The searchlight is on the man from Searchlight, Nevada. Or to put it another way, the struggle to reform the US healthcare system is Harry Reid's show. President Obama can explain and cajole. In the House of Representatives, the Speaker, Nancy Pelosi, should be able to keep her Democratic flock in line. But almost certainly, the measure's ultimate fate will be decided in the Senate. And there, no one will have a greater impact on what happens than the man in charge of the body still fond of describing itself as the greatest deliberative chamber on earth - one Harry Mason Reid.
Reid doesn't fit the conventional image of a Senate majority leader. He is not a wily deal-maker and master of procedure like Bob Dole. Nor is he an irresistible political force of nature like Lyndon Johnson, the majority leader by whom all others are judged. But in his own quiet way, Reid is no less remarkable a figure.
He really does come from a place called Searchlight, a dirt-poor one-time gold rush town in the scorching desert, 50 miles south of Las Vegas, with a population presently listed at 576. Reid's father was a miner. When his son was growing up, however, the main local industry was prostitution: "a place with 13 brothels and not a single church," as Reid remembers it. His mother did the laundry for one of the bordellos. His father committed suicide.
The boy proved a diligent student (and also a decent amateur boxer). When he first came to Washington DC to attend law school, he worked nights as a police officer on Capitol Hill to support himself. After graduating, he went back to Nevada and climbed the political ladder, serving as head of the state's Gaming Commission for a spell, during which he was regularly threatened by the mob. Then he returned to Washington, first as a Congressman, then Senator. Reid also happens to be a Mormon – the highest-ranking Mormon elected to political office in American history.
There are, colleagues say, two Harry Reids. The public one is as you'd expect of a man from such a background: combative and tough as nails, a political bruiser who rarely seems to smile, gritty and dry as the sand of the south-western desert. But there's another Reid that is less obvious – the deft party manager, a master conciliator who, thus far at least in the healthcare debate, has managed to keep his deeply divided party united.
Last week was a big one for Reid. The Senate Finance Committee became the last (and probably the most important) of the committees directly involved with healthcare legislation to produce a bill. That alone means that this latest attempt to overhaul a sector which devours a sixth of the entire US economy while failing to provide a similar proportion of the population with insurance, has gone further than any reform since 1965, when LBJ, by then president, signed Medicare and Medicaid into law.The headlines proclaimed that the finance committee measure had finally attracted the support of one Republican, Maine's Olympia Snowe, raising hopes that the hitherto monolithic rejection of reform by Republicans may start to crumble. At least as important, however (and largely thanks to Reid), was the fact that the Democratic majority on the committee had held firm. For the time being, conservative and liberal Democrats have swallowed their misgivings over proposals seen by the former as a dangerous extension of government, but which the latter view as a cave-in to the lobbies – the hospitals, the drug companies and, above all, the private insurance companies.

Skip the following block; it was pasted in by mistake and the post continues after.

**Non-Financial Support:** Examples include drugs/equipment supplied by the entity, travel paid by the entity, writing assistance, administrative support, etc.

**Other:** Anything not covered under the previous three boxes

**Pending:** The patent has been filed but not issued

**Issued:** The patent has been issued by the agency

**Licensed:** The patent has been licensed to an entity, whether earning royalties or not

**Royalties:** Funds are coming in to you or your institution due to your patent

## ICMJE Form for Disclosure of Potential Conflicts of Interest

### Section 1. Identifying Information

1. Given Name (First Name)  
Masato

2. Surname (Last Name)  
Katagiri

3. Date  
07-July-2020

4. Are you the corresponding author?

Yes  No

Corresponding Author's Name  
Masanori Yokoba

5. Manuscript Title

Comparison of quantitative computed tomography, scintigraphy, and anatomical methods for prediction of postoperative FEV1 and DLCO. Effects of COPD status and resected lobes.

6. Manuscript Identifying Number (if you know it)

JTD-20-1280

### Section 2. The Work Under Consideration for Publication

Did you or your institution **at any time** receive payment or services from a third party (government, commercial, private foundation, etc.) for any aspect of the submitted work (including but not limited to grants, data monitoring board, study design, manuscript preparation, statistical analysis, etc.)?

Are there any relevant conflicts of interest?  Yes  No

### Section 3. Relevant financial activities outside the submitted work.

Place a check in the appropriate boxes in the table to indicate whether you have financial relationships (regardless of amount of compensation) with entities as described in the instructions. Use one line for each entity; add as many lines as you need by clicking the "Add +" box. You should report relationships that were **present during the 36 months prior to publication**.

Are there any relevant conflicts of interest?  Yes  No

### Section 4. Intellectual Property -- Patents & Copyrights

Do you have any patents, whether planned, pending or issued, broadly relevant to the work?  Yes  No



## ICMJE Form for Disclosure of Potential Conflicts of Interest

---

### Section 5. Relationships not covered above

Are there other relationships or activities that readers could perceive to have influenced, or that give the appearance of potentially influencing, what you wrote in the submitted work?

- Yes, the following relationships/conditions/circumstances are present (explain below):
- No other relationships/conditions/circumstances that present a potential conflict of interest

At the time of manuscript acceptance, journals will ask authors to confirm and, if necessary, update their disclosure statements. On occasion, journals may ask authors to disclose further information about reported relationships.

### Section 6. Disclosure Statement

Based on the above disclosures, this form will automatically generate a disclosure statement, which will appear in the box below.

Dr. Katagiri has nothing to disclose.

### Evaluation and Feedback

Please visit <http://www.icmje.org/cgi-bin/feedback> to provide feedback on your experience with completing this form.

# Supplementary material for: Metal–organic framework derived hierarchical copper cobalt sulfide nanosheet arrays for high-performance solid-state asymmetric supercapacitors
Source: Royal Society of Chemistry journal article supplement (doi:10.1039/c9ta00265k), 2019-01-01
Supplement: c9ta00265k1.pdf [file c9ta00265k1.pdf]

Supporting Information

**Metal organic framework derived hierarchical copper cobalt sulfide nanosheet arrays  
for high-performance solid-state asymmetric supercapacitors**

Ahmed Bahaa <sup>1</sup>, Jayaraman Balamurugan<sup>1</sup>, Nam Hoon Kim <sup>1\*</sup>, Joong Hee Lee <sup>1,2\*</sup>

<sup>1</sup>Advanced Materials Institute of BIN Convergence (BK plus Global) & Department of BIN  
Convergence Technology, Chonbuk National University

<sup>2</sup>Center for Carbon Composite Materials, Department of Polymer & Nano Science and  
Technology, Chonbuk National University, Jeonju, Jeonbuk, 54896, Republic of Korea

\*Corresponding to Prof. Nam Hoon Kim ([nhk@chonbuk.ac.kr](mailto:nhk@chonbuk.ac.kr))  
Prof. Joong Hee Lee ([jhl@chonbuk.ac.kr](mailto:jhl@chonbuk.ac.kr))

Indeed, the other big news last week was a broadside from that same insurance industry, warning that the finance committee bill as it stood would merely drive up the cost of insurance even faster than now, defeating the very goal of reform. The move was widely seen as a blunder, a crude power play intended to sway the committee vote, and which would only make the insurance companies, if possible, even more unpopular than they already are. But it could be a very smart ploy indeed.
Yes, as the private insurers surely expected, they are indeed now more unloved than ever. As they must equally have realised, their move has revived demands for the so-called "public option", of a government-run insurance scheme that would provide real competition. Right now, the private companies are exempt from federal anti-trust laws, and regulated only on an ineffective state-by-state basis. The only other national business, incidentally, that enjoys this privilege is major league baseball.
But the renewed clamour could suit the insurers perfectly. A public option (which the Senate Finance Committee bill does not contain) is the most contentious element in the entire health reform debate, seen by the left as a stepping stone to a government-run single-payer system, and hated by the right for the very same reason, as "socialised medicine" and another nail in the coffin of righteous American capitalism.
Originally, President Obama backed the public option, in his own words "to keep the insurers honest". Of late, though, even he has sounded as if he wanted the whole idea to go away. And until the warning from the insurance lobby, that seemed to be happening. The public option, everyone assumed, was, in practice, dead. Now, however, the issue has been resurrected, as the biggest deal-breaker of all. Many liberal Democrats now say they will vote for no bill that does not contain it. Conservative Democrats (not to mention the likes of Olympia Snowe) vow to oppose any measure that does. In which case, no bill at all. Just what the insurance companies want.
The assumption remains that health reform of some kind will be enacted. But don't be too sure. The threat of gridlock, in the Senate especially, remains, and some predict the Christmas target date for passage may not now be met – sending the issue unresolved into the perilous waters of election year 2010. Which is why so much depends on Harry Reid, Searchlight's great conciliator.Reuse content